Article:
Bar Director Kevin Lee, who previously opened La Mirada’s now-shuttered Puzzle Bar, fell in love with The Wolves the first time he saw it. He makes the bar’s many liqueurs, amari, bitters, and vermouths in-house, their flavors highly dependent on seasonality.

“When I look at restaurants, I see them work so closely with farmers and nature,” he said, “and my whole program is based around that. [Vermouths] were very seasonal at one point, but now in the [bar] industry, we idolize a lot of brands that aren’t seasonal, like Campari and Angostura. They are very consistent, and that’s why a lot of bartenders like them. But my goal is that I want to work in harmony with nature and what that entails is having my fig vermouth and my fermented apples taste different every week instead of trying to make them taste the same. It’s almost like improvising with those ingredients to make them taste good.”

The Wolves Photo: Courtesy of The Wolves

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Lee got into making his own ingredients when trying to make the best possible Old Fashioned. He experimented with a variety of sugars, ultimately settling on Muscovado, an earthy, unrefined sugar. Next, he experimented with his own aromatic bitters. He chose Booker as his base, combining it with some 40 ingredients and aging it for two months.

“After that, I pretty much started creating all my own bitters and then from that all my own liqueurs,” he said. “It’s really easy to jump from bitters to the rest.”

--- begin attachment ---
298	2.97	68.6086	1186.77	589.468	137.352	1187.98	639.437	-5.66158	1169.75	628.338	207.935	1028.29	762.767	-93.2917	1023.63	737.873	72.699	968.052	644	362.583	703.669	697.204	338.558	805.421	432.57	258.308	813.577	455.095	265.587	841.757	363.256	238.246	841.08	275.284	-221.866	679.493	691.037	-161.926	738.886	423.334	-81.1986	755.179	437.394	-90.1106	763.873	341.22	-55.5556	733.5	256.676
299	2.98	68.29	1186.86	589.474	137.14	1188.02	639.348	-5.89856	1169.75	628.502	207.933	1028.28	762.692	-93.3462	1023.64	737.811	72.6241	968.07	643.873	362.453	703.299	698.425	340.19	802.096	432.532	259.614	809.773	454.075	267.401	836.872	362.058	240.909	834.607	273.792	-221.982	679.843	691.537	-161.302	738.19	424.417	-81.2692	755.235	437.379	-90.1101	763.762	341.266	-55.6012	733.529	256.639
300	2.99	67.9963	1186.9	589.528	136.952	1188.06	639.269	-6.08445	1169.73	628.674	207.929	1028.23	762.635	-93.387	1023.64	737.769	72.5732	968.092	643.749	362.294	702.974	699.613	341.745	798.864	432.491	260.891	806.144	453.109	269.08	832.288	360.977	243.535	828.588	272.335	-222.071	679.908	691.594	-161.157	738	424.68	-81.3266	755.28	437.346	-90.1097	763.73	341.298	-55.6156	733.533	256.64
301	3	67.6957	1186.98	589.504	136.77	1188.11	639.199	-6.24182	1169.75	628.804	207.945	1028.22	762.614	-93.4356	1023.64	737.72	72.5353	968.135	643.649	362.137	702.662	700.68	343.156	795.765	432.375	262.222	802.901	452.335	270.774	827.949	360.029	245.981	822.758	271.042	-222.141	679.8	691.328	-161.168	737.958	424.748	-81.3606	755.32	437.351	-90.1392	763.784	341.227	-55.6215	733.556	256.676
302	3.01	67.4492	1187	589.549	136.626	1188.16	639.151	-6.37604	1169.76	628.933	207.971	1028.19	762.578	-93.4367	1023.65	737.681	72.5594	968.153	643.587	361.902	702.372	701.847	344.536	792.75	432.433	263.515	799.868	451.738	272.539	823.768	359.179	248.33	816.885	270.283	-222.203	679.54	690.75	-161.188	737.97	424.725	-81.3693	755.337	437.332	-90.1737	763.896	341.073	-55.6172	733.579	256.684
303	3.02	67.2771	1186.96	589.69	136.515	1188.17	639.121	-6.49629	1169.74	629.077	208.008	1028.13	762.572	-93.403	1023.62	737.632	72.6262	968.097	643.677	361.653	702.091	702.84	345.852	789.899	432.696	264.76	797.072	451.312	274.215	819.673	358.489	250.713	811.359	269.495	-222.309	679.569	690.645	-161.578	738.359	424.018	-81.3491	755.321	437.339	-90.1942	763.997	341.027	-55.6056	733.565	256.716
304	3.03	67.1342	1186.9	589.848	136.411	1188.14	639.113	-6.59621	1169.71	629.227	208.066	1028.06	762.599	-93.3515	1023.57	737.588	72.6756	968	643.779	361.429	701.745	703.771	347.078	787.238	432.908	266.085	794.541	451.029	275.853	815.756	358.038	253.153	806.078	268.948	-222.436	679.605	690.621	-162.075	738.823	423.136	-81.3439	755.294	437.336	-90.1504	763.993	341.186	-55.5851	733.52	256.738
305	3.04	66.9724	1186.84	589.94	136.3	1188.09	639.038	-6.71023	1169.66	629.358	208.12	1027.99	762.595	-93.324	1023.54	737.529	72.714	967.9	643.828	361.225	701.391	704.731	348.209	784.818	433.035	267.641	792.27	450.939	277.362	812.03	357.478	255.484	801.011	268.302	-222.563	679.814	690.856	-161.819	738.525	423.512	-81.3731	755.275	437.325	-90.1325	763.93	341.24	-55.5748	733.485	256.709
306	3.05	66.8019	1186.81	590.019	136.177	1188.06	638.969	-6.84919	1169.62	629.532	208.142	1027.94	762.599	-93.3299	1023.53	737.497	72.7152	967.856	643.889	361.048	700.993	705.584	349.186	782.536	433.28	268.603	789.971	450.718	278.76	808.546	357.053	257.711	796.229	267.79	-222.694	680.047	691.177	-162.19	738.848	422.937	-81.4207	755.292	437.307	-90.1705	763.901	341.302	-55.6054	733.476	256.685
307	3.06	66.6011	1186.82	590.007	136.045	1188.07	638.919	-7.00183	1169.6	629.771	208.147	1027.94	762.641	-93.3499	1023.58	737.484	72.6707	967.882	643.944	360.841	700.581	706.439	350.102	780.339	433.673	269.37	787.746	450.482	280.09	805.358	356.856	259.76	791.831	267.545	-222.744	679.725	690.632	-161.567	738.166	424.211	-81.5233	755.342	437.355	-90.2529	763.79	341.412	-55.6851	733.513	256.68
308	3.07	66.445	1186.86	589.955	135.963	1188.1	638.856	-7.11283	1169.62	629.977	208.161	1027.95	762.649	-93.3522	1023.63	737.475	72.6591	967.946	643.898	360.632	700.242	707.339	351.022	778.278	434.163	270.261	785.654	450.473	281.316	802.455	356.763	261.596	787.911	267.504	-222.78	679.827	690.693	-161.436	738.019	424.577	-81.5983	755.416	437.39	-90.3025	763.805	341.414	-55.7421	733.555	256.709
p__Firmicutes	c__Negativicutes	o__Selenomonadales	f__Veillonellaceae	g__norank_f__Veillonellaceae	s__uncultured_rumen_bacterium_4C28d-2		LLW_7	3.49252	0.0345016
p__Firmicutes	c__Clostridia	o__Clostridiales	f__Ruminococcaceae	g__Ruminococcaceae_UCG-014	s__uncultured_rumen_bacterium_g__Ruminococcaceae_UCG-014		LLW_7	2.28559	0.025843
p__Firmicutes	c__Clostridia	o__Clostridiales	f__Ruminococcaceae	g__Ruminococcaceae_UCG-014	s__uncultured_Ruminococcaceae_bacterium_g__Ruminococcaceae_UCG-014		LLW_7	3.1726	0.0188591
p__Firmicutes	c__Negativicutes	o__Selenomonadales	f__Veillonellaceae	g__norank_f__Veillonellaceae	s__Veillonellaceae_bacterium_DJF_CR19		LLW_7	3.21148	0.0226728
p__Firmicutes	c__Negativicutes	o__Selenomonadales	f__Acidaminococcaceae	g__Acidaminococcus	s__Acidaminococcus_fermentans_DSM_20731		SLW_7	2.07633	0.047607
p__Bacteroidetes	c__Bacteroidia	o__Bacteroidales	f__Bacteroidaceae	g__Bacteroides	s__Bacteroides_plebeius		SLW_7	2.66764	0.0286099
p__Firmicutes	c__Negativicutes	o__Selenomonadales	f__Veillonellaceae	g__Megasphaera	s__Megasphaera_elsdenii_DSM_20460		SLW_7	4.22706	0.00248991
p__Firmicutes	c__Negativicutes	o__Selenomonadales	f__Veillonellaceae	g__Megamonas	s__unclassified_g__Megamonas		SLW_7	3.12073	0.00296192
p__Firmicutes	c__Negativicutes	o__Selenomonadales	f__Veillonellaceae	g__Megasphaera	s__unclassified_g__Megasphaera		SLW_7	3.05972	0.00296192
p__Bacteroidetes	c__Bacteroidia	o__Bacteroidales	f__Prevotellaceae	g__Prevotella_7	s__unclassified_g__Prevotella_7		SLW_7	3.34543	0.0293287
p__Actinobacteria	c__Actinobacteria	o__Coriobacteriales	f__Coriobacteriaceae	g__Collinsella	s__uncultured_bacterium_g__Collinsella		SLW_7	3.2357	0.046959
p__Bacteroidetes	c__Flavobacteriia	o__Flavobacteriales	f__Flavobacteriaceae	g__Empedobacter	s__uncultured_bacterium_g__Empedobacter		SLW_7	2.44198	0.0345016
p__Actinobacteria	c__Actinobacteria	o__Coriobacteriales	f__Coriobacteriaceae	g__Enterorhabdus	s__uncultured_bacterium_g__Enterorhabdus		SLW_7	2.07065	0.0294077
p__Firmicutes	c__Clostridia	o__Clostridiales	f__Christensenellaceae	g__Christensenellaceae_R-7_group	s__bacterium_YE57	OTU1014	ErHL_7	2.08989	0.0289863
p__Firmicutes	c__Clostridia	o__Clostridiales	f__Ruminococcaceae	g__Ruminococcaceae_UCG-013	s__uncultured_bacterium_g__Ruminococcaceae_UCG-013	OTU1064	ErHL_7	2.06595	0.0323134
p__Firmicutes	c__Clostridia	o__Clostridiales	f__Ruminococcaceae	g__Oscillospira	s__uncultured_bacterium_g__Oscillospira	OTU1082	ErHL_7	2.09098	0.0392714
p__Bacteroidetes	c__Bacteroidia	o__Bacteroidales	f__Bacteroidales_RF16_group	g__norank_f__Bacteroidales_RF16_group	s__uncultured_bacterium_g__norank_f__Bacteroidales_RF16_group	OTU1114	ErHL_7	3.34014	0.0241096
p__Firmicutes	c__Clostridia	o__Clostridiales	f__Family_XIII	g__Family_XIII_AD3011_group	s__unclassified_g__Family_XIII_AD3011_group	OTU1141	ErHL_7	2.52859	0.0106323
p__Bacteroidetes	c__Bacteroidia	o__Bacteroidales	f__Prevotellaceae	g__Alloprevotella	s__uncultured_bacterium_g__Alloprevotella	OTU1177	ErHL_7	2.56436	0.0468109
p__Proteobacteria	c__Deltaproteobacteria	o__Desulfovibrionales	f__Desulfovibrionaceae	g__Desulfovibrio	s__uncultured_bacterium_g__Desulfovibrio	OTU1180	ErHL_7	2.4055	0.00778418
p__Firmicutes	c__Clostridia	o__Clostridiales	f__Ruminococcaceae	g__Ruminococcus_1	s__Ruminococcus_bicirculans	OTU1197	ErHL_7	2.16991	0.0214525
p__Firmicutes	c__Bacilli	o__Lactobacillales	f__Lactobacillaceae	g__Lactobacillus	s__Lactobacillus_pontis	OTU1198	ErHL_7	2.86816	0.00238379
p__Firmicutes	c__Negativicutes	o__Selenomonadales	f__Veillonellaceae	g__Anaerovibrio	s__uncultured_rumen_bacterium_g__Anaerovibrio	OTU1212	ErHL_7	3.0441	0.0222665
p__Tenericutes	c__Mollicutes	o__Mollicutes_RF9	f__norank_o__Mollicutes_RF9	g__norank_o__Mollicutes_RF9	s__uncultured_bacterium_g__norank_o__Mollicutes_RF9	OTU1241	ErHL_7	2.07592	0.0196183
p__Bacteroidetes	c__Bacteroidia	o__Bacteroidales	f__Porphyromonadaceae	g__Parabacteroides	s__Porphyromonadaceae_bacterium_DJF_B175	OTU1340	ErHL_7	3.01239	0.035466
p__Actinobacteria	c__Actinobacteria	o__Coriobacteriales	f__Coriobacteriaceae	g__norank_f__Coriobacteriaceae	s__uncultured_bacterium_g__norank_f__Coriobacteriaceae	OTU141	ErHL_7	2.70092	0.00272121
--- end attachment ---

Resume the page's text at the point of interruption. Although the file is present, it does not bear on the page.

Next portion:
Many of Lee’s concoctions are suitable for drinking alone. For instance, he makes an easy sipping biscotti liqueur inspired by a trip to a small restaurant in the southern Italian countryside where he met a woman who made her own biscotti, which could be dipped into her house-made amaro. Lee said he decided to make the biscotti amaro in honor of that memory. You don’t expect that it’ll taste like drinking a boozy cookie, but it does.

Lee also notes that, despite his travels in Italy, it’s been hard for him to find modern bars where the amaro and vermouth is house-made. He compares it to the things his Korean grandmother would make when he was a child.

“When I was a kid, my grandmother would make fermented bean paste,” he said. “It was very different from what we find in the store now; it’s almost like two different products. When I talk to my peers in Italy, they tell me their grandmas make amazing amaro. And just like I don’t really know how to make the fermented bean paste my grandma made when I was a child, they don’t know how to make homemade amaro. They don’t know how to make homemade vermouth. Their grandma does, though. It’s a dying art.”